Kirsten is an incredible teacher. When deciding whether to purchase this class, you should first take a look at her first CL class--Modern Storytelling. It's the best way to dive into this material and is a good starting point. If you're interested in this genre, buy BOTH classes. Both are so packed with helpful information about the family photojournalism genre. The first class was a solid, well rounded introduction to family photojournalism, and this class is more in-depth, specific, direct, intense, full of composition technique, and really just takes it to a new level. She doesn't waste time in this class repeating all of what she taught the first time. Kirsten is very candid and personable which I find really helps us viewers learn from her authentically and enjoy the class. I feel like I know her from watching so much of her class and I know that helped me to connect with the class and understand the material better. I feel like I finally have the tools to really tackle this genre and a better idea of what I'll face. I HIGHLY recommend this class--BUT only if you have an interest in this type of photography. THIS ISN'T A CLASS ABOUT MAKING PRETTY PICTURES, IT'S A CLASS ABOUT CAPTURING REAL MOMENTS IN A BEAUTIFUL WAY AND STORYTELLING THROUGH PHOTOGRAPHY.

Image by Marcy

I'm adding my review in hopes of giving some perspective to the few negative comments. I've been a fan since Kirsten's first course, and have been hankering for more ever since. I wish the viewers who decided to jump ship before watching the whole course had reconsidered, and hung in there. Here's why. Kirsten describes this class as more of an "advanced" class. To my way of thinking, it's an excellent adjunct to the first. I took notice of a good bit of the questions in the chat room on CL while the class was live. It was clear to me that there seemed to be plenty of viewers who had not watched the first based on their questions. To get the most benefit, you really need both courses. There is overlapping content, of course. But there is specific and pointed information that was really only generalized in the first course. Invaluable is the segments that were taped live at a family's home, where Kirsten shot a DiTL. That filming was shown and dissected in this new course. VERY informative. To put it succinctly, yes, there is some repetitive info, but necessary to bring it all together, and yes, new content. YES, the front end is a bit heavy on the personal. If I remember correctly, that viewer choose NOT to stick with the program, which is fine. BUT, had they stuck with it, that person might have had a change of heart. You see, I think you have to take all the information in it's entirety. Because, the openness, the vulnerability, the honestly to me is *endearing*, for one thing. But also, she definitely USES that personal information in the context of her teaching. Listening to her personal experiences (KLB's) gives US an opportunity to look deep within OURSELVES and CONFRONT our own past. OUR PAST is what shapes our future, good, bad or indifferent. We can allow our past to propel us to success, or sink us in despair. Either way, our past helps form our POV which is very important for our photography (as well as how we approach or avoid life in general, and affects us in business too...) I appreciate her honesty. I appreciate how she shares her struggles, both past and present. Both personally and professionally. For me, the whole package is more important that the individual "pieces". Who knows about that viewer.... maybe this genre is just not their thing. Maybe that person wants or needs to shield themselves from their own personal issues. IDK. Also, it's just a fact of life that *not everyone will LIKE .... ___ (you, me, her, etc). Whooo knows. That's their right, their choice. And it's true that this genre is not for everyone. But if you love it, then get the course. If you missed the first one, then get them both. You'll be happy you did, and you'll have saved yourself time and frustration trying to figure this out on your own.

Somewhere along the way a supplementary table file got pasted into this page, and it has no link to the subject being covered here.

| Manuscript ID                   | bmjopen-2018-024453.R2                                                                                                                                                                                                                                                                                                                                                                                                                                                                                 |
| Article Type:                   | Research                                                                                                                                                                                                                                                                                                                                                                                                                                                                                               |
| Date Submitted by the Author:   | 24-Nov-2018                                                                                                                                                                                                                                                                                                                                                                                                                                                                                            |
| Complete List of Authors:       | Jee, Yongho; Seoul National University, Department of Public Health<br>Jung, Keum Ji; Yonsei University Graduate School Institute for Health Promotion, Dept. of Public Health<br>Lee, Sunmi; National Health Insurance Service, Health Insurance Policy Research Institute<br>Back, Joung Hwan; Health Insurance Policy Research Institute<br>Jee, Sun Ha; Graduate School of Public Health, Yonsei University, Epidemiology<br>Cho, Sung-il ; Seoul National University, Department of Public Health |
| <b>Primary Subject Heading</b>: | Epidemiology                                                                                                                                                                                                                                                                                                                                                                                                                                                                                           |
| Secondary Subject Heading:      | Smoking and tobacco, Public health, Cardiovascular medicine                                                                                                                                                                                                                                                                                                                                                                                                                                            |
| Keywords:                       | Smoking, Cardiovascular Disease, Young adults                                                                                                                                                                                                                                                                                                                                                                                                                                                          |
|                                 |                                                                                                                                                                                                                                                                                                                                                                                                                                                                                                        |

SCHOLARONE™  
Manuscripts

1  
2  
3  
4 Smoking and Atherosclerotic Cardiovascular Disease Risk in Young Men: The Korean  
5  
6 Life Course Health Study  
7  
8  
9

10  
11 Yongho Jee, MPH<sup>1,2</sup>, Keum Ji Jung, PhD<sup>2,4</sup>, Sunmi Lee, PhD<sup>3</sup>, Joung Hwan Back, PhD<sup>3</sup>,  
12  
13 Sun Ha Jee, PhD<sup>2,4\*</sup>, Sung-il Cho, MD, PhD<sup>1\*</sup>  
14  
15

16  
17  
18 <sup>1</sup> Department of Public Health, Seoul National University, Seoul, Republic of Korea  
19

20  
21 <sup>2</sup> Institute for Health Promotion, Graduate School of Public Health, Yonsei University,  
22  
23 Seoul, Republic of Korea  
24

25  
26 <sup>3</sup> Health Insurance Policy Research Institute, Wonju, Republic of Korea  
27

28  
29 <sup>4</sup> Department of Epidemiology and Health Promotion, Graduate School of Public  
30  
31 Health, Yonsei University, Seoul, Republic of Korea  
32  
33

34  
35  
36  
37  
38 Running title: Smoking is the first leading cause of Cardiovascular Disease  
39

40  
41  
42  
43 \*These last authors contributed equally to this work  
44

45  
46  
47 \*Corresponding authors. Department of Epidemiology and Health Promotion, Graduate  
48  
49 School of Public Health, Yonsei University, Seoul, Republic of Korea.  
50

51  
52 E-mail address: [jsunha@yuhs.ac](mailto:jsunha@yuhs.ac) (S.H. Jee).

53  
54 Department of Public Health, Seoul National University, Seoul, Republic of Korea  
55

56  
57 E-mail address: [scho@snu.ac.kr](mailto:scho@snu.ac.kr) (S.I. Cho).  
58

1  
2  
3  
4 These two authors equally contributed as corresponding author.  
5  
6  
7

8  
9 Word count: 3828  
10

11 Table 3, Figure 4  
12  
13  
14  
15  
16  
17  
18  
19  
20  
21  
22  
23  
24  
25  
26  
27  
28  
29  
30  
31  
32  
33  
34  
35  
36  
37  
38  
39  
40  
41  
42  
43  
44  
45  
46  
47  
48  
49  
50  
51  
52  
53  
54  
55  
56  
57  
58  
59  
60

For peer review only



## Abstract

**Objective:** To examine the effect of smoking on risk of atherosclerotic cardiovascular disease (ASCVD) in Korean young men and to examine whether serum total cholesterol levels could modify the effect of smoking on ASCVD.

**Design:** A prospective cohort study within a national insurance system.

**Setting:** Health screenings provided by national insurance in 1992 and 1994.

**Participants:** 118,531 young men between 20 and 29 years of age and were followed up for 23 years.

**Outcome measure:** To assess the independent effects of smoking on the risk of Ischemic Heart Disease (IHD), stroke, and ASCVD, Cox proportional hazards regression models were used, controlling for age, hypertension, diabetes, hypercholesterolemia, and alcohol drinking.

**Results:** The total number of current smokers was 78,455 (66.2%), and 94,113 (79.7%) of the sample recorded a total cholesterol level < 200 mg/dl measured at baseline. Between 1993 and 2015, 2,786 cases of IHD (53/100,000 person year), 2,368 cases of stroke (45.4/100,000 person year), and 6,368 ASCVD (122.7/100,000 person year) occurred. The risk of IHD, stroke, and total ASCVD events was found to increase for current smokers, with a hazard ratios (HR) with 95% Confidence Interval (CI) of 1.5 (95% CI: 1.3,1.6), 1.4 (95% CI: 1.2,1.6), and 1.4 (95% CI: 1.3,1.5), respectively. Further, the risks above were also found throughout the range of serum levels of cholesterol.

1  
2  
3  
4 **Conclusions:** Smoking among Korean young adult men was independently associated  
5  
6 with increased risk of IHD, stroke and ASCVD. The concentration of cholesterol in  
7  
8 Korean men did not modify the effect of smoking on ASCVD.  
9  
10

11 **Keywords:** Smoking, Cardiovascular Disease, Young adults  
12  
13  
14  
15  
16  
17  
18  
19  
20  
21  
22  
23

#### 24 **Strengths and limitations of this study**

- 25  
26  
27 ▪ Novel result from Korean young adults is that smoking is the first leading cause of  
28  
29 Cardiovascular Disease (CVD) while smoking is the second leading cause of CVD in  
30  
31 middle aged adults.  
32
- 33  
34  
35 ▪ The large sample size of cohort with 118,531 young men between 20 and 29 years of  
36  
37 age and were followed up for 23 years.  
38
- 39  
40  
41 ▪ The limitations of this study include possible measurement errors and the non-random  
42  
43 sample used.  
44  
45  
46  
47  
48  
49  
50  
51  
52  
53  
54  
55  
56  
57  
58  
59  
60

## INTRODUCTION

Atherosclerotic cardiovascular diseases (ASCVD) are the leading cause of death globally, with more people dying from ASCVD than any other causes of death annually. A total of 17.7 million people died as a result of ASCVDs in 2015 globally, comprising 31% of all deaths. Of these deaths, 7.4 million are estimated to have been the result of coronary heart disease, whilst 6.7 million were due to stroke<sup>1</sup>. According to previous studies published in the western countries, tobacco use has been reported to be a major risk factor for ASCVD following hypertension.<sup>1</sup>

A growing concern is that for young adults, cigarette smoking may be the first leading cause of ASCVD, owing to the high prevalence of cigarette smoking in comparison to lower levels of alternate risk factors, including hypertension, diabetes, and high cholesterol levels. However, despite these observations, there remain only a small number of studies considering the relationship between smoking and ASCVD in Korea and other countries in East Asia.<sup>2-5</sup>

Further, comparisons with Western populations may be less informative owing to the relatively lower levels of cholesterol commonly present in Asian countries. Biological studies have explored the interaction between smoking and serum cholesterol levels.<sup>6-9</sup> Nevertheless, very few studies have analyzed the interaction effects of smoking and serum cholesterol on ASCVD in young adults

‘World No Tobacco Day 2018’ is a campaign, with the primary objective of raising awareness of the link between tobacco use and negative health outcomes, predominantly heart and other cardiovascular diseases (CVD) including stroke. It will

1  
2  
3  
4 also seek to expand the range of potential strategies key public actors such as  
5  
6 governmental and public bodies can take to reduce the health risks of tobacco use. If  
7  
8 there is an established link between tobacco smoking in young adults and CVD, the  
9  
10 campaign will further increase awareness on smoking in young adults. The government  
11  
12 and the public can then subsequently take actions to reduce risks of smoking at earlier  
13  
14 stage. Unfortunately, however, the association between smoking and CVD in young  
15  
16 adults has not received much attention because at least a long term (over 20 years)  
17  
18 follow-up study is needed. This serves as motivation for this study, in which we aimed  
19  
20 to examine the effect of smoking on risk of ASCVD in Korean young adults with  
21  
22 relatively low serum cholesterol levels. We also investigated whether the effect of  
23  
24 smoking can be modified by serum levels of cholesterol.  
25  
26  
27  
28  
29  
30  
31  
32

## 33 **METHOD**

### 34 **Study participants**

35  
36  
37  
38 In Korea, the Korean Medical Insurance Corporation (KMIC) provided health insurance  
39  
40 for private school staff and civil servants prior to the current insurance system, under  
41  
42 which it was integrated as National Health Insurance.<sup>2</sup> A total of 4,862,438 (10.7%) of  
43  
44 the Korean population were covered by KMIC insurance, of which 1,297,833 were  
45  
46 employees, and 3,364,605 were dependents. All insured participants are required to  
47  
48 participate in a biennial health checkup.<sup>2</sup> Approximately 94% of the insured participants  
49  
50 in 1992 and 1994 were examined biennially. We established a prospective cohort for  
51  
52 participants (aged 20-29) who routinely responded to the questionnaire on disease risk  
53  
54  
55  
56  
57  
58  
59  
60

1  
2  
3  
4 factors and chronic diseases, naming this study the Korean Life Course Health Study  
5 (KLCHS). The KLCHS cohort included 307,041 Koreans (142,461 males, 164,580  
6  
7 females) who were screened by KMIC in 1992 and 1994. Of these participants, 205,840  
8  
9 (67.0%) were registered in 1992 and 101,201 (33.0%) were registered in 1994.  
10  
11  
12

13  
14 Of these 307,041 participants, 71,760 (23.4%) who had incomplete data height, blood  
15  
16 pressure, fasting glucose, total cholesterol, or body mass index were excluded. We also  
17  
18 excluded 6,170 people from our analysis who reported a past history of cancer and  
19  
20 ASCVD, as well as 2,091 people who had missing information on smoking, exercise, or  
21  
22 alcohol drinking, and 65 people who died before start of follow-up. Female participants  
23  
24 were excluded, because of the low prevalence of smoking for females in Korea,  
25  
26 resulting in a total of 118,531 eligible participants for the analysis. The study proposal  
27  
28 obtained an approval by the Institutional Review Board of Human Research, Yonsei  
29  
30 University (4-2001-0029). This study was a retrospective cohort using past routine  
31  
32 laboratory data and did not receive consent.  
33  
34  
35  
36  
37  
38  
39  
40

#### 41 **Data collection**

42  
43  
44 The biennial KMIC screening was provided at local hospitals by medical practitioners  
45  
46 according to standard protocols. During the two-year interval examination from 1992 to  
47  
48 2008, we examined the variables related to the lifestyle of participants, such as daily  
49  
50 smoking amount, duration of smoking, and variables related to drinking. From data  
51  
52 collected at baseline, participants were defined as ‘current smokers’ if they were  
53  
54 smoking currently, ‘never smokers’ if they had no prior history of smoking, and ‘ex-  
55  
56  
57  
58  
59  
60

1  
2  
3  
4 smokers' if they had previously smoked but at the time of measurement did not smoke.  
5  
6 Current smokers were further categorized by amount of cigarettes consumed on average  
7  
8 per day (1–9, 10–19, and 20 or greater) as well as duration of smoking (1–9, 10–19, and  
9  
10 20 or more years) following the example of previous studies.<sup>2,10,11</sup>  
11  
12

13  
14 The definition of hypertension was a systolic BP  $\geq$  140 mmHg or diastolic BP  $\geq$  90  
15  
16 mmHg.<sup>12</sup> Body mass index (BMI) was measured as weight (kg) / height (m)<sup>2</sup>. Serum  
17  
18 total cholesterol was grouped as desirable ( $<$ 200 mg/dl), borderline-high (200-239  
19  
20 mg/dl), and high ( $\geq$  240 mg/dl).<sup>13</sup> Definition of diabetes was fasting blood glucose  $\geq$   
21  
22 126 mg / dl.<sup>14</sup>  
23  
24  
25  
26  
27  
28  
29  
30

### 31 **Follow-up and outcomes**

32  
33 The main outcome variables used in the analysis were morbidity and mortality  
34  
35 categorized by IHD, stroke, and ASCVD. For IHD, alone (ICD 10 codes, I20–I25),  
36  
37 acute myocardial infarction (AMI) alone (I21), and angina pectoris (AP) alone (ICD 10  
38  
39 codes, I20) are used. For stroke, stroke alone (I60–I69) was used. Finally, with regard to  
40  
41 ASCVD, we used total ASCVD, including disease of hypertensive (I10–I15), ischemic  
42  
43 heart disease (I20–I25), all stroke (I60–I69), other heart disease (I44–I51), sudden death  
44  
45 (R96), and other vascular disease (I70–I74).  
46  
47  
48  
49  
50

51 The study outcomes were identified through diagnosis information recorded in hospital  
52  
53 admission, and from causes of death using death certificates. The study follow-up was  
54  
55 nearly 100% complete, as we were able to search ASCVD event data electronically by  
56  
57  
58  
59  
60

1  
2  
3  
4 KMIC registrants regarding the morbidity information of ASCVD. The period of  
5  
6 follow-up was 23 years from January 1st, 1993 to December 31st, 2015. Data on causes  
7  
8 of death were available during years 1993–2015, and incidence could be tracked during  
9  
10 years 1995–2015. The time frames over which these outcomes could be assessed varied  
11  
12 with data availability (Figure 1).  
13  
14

Meredith Zinner Photography

She is outstanding. I love her candor, honestly, openness and extraordinary eye for talent. I love how true she is to herself and how fiercely yet seamlessly she works to show the truth and people's real stories. I love how she is a real person and shares true stories about herself that keeps her human. I'm so tired of this culture being so damn 'precious' about a baby's bottom fer crimmeny's sake... she's extraordinary, refreshing and unlike anything else youve shown. She's got an incredible eye, sense of humour, talent and so much to share with her very thankful audience. Thank you so very much! Thank you Kirsten!